Bachir Miloudi / Sputnik Photography
An open, empty notebook.
The door to October is welcomed with falling leaves, crunchy at your feet, brushed with warm browns, reds, oranges and yellows despite the crisp winds pricking your rosy cheeks. Soft knitted scarves and sweaters wrap around you in a familiar embrace. Bright orange pumpkins with dusty stems, short and stout, tall and slim, line every front porch in sight. Straw-stuffed scarecrows are pinned in your neighbour’s yard, where now wilted flowers once bloomed.
When the sun sets and the coral sky begins to fade into a deep blue and black, the pumpkins reveal their jagged carved smiles or frowns and soulless eye sockets. A black and white horror film flickers in a window. Children skip happily, dressed in playful costumes — superheroes, princesses, idols and monsters — ringing doorbells one by one while their parents watch not too far behind.
Halloween, jack-o’-lanterns and trick-or-treating are the highlights of the autumn season for many children, teenagers and adults alike. Growing up Muslim, I have never participated in any events or activities even slightly Halloween-themed, except for my family’s own tradition of making sure all the lights in our house are turned off by the evening to avoid any angry trick-or-treaters when they’re refused candy. Although these holiday norms are commonly known to host mainly innocent haunted and spooky themes, when people are encouraged to scare or “trick” each other, most are not aware of the eerie origins they’re embedded in. These roots are also the reason why I personally don’t celebrate Halloween.
The earliest known basis of this holiday is the ancient Gaelic festival of Samhain on Nov. 1, celebrated the eve before on Oct. 31, as said on History.ca. This is when it was believed the spiritual boundary between the dead and the living blurs and the ghosts of the dead make their way back to earth. This religious pagan ceremony called for people to wear scary costumes to ward off these lost souls and light bonfires to welcome the fall harvest, according to Library of Congress blogs.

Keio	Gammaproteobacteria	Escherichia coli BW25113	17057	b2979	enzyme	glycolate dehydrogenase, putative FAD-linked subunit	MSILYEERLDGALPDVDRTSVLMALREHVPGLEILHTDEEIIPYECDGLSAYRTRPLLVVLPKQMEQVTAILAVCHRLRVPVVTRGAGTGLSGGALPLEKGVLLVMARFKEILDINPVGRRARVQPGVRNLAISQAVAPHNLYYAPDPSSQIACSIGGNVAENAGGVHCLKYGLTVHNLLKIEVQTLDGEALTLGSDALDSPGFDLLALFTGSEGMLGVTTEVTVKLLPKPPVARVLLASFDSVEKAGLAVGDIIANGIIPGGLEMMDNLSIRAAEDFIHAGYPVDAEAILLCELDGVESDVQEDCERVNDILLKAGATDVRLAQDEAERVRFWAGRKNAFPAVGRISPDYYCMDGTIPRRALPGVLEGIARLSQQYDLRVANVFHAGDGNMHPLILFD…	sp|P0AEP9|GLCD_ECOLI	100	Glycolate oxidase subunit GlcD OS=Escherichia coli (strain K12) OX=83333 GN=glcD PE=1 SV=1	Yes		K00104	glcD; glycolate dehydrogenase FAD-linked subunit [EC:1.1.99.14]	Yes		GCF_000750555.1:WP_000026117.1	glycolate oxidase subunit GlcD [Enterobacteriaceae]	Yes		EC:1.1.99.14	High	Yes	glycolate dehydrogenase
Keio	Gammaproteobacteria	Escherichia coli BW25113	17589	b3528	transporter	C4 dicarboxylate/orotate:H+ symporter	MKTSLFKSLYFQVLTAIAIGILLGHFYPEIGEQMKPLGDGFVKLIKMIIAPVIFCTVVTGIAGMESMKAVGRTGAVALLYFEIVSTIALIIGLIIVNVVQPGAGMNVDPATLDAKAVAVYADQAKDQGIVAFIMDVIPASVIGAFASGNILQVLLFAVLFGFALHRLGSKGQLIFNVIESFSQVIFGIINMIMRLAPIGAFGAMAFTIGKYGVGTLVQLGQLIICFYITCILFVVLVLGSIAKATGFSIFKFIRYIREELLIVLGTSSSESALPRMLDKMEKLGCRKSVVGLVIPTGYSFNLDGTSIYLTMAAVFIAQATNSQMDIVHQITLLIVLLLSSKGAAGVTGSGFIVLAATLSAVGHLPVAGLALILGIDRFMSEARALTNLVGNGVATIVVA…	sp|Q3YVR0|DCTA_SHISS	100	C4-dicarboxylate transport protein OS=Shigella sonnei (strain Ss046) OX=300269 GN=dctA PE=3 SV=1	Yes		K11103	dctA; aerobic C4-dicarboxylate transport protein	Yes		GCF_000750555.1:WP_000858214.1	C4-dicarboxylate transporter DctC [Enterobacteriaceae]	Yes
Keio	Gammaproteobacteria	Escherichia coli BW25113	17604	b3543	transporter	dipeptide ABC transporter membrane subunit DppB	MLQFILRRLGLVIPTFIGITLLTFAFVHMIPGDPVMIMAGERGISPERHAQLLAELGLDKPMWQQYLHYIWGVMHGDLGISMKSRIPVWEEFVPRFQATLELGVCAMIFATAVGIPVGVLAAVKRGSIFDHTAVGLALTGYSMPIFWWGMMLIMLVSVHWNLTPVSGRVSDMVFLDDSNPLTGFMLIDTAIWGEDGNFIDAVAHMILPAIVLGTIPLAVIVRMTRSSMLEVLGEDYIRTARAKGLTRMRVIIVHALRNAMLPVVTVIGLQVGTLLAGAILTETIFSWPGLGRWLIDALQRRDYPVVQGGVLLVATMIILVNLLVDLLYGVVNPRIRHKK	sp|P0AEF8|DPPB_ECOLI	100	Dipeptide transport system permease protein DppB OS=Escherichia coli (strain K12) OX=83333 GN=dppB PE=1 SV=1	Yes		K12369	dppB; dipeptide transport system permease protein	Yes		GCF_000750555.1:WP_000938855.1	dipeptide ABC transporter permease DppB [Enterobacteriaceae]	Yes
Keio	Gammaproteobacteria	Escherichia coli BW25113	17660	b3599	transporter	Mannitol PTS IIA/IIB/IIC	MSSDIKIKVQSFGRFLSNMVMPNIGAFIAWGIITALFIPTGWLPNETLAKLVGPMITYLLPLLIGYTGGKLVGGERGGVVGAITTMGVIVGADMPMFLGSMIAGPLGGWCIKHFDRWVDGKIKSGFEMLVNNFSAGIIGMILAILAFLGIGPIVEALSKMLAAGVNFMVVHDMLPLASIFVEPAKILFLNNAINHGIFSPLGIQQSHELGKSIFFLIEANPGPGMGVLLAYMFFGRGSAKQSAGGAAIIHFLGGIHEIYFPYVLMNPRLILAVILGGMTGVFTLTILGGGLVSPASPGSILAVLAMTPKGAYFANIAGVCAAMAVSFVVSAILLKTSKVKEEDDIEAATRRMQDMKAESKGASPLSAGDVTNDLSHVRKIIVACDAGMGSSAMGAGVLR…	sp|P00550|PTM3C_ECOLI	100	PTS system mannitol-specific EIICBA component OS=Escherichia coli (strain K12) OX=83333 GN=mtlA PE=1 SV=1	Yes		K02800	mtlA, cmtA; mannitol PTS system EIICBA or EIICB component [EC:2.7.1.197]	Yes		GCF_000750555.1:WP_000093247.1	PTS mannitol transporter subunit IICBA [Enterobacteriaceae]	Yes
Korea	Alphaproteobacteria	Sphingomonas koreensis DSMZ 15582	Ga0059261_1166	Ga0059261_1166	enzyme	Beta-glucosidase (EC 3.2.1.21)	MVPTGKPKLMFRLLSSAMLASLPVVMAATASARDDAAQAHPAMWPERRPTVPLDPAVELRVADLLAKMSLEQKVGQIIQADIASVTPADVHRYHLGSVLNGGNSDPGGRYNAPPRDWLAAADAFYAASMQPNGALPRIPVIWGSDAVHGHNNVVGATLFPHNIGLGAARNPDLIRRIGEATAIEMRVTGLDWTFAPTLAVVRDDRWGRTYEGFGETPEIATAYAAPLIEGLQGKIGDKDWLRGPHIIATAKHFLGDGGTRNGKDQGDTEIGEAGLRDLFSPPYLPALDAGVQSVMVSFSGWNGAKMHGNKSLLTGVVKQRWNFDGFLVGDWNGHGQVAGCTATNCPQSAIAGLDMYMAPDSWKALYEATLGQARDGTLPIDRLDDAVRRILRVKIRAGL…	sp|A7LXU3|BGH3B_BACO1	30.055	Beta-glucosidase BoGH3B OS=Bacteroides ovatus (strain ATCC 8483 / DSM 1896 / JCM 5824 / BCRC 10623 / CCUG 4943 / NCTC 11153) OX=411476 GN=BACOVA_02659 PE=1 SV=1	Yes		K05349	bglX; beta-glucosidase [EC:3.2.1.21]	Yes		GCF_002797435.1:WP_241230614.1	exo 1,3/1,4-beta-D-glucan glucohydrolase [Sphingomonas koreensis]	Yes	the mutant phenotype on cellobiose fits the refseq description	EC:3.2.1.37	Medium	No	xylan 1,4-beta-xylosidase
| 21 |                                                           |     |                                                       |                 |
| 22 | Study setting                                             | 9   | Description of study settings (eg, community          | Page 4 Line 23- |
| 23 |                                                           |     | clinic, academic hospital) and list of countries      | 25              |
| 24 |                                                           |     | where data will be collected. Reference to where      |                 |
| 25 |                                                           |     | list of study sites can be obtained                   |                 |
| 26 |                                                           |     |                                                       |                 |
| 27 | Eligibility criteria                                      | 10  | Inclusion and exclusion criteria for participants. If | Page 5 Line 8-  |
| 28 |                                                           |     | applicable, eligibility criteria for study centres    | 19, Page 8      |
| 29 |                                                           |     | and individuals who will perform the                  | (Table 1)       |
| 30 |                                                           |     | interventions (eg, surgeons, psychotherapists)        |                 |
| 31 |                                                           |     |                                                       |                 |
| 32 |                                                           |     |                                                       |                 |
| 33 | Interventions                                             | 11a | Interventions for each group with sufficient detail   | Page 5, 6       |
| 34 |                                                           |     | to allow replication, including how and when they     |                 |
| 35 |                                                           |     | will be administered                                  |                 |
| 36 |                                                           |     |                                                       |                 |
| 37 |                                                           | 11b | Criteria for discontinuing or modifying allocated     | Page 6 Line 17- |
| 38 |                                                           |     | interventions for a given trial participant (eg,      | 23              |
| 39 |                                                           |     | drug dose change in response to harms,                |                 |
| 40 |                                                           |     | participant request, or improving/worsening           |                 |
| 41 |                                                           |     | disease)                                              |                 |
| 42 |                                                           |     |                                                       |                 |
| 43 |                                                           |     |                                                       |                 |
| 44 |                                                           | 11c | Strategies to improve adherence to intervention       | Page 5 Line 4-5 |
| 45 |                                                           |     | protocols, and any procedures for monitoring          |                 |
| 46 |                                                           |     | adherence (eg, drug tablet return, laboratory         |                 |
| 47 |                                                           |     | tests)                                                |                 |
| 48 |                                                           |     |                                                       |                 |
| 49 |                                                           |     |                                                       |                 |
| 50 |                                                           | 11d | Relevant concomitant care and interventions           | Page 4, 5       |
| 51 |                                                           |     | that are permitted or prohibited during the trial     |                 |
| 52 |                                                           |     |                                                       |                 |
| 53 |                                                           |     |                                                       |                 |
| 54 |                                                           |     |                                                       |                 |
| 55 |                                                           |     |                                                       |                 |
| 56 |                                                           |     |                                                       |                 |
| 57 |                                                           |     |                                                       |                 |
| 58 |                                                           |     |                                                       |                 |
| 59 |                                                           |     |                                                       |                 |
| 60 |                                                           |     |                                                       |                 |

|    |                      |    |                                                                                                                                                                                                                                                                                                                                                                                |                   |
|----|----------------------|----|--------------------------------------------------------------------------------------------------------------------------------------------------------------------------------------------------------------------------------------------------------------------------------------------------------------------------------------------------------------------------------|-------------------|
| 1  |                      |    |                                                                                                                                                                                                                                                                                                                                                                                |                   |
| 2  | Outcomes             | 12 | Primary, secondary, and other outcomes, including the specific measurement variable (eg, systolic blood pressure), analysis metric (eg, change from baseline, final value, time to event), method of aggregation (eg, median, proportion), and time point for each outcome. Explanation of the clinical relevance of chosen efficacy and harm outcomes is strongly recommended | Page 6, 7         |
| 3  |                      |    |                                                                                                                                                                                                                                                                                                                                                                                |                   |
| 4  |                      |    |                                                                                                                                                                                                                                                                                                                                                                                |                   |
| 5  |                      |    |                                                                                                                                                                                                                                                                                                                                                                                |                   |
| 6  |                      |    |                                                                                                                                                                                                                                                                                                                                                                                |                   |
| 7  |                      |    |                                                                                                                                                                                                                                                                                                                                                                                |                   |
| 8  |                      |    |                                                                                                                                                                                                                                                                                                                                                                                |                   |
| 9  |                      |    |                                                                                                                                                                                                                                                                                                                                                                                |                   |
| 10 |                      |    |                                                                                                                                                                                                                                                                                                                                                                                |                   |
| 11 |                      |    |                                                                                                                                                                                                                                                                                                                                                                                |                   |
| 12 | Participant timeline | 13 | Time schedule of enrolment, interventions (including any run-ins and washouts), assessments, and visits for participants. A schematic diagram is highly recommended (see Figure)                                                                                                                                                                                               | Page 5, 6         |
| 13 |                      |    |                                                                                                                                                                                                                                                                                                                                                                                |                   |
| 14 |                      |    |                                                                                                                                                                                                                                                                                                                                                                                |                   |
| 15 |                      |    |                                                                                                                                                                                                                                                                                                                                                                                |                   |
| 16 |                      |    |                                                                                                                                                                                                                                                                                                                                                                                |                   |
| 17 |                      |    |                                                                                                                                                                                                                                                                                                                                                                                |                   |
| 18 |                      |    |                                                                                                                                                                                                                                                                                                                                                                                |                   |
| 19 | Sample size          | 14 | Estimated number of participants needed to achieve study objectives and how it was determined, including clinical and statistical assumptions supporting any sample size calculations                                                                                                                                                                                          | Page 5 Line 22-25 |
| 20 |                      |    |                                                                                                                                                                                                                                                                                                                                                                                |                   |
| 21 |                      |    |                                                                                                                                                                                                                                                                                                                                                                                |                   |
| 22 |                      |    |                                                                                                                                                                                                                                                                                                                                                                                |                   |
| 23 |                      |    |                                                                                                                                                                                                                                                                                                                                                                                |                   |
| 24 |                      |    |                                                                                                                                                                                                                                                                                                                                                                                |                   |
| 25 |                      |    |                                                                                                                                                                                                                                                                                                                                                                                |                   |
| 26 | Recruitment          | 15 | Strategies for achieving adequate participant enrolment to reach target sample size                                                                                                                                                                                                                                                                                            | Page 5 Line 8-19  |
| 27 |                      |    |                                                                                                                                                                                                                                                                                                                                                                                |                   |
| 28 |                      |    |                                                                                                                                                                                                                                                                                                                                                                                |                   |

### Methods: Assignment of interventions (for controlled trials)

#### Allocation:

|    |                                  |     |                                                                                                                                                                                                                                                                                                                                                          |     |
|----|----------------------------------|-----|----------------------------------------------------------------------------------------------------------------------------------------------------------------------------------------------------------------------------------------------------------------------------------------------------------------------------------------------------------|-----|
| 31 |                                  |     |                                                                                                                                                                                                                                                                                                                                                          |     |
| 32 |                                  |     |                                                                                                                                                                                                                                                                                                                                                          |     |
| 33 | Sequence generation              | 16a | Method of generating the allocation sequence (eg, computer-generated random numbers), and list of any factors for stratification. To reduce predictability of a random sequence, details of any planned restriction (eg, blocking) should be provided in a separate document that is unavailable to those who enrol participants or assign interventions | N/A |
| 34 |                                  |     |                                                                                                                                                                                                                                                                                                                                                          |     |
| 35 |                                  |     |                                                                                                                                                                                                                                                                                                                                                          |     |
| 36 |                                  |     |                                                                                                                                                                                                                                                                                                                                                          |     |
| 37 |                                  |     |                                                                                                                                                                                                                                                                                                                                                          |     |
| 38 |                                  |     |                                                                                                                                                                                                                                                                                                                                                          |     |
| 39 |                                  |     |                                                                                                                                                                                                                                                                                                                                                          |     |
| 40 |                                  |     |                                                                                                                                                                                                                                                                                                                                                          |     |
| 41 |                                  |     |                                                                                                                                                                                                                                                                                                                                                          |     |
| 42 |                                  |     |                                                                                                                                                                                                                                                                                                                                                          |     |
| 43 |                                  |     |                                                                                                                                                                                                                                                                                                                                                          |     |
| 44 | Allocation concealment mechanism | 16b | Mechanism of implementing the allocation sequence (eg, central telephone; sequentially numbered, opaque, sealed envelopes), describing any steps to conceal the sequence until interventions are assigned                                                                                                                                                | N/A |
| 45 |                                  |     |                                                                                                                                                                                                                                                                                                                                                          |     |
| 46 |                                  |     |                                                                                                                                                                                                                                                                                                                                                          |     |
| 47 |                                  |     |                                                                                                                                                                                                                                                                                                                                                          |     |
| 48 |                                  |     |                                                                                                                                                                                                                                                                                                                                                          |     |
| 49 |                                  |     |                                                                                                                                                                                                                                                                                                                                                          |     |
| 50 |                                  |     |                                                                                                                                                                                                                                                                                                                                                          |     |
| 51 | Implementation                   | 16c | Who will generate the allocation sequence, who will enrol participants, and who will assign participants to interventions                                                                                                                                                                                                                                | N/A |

Carving jack-o’-lanterns, a fall favourite, originated from the Irish practice of carving turnips to frighten evil spirits. This arose from the 18th-century folktale of a man named Stingy Jack who trapped the Devil and only let him go after he swore Jack would never go to Hell. When Jack died, Heaven rejected his soul and left him aimlessly roaming the earth as a ghost. The Devil then gifted Jack a carved turnip with burning coal inside to help light his way between both realms.
One of the many theories behind trick-or-treating is that the tradition started from the Scottish activity of “guising”, which is visiting people’s houses disguised in fancy dress or masks, and “souling”, which is handing out cakes for All Souls Day on Nov. 2. In the Middle Ages, children and elders would go to neighbouring houses and collect money and food in return for prayers, which slowly shifted to non-religious songs, jokes or “tricks” later on.
Although these origins date back centuries, there are some parallels with how the pagan celebration is observed today. Before you participate in any Halloween festivities this year, keep these occult roots in mind, share them with a friend and most importantly, stay safe.
This article was originally published in print Volume 23, Issue 2 on Thursday, Oct. 5.